Monday, August 23, 2010

Analysis: Taiwan’s debate on submarine expansion resurfaces

Amid mounting apprehensions surrounding the emergence of China as a major military power, defense experts continue to focus their attention on Washington’s reluctance to sell Taipei advanced combat aircraft. A small group of military specialists, however, argues that another long-neglected system could prove a superior deterrent to Chinese aggression: submarines.
For almost a decade, the issue of submarines has been subject to the political vagaries of the triangular relationship between Taipei, Washington and Beijing, as well as disagreement over their utility and high cost.

Mark Stokes, executive director at the Project 2049 Institute, is a strong proponent of submarines for Taiwan.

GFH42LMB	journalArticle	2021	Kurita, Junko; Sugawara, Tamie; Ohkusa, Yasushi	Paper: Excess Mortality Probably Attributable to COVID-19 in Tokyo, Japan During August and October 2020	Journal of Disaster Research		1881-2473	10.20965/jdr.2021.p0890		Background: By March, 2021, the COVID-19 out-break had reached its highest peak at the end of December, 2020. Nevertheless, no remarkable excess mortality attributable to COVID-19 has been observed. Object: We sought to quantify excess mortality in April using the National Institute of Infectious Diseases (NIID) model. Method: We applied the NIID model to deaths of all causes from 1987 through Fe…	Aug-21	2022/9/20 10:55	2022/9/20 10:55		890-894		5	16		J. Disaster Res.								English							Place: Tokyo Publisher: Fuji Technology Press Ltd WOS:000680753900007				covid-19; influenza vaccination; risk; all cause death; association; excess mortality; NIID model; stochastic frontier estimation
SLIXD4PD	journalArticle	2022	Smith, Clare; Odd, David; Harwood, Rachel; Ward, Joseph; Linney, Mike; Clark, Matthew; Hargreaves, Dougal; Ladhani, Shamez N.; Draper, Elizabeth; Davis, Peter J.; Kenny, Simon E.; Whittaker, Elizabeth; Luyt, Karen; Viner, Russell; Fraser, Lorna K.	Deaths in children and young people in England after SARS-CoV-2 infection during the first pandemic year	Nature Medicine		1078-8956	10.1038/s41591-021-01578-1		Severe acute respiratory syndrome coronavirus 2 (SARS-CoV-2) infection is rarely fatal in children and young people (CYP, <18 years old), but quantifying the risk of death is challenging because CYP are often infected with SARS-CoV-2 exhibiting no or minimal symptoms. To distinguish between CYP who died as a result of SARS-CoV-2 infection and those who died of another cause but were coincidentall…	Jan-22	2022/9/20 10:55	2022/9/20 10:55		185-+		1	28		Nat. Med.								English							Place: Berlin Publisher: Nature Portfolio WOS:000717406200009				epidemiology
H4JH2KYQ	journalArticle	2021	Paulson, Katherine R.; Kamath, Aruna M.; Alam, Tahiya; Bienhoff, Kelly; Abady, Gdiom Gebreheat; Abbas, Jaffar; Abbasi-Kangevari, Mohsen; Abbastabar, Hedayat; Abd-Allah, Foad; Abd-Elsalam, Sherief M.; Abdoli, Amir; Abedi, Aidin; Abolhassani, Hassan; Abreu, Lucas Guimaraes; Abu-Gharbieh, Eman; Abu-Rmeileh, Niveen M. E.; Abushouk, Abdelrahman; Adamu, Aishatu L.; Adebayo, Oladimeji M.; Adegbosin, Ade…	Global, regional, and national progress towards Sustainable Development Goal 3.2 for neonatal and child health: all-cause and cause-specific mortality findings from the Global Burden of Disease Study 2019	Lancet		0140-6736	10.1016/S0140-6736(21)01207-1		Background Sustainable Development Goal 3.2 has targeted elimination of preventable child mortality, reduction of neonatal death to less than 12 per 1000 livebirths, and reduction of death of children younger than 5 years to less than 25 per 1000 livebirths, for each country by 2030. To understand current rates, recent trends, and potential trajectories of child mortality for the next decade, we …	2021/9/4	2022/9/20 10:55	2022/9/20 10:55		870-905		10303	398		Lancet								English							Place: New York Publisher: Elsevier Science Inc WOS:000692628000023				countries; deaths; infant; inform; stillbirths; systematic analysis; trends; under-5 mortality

“The key thing about submarines is their inherent stealth and potential lethality,” he told the Taipei Times. “They represent one of the few capabilities that would be difficult to take out in a first, disarming first strike, especially if on patrol.”

According to most scenarios, a Chinese attack on Taiwan would open with missile salvos against Taiwan’s military targets, including airfields and command-and-control centers.

This analysis, published today in the Taipei Times, continues here.


mike said...

I do appreciate very much your pieces on defence. This one in particular was excellent. Please keep up the good work.

J. Michael Cole 寇謐將 said...

Mike: Thank you very much for the kind words. I will try to write more in the same genre.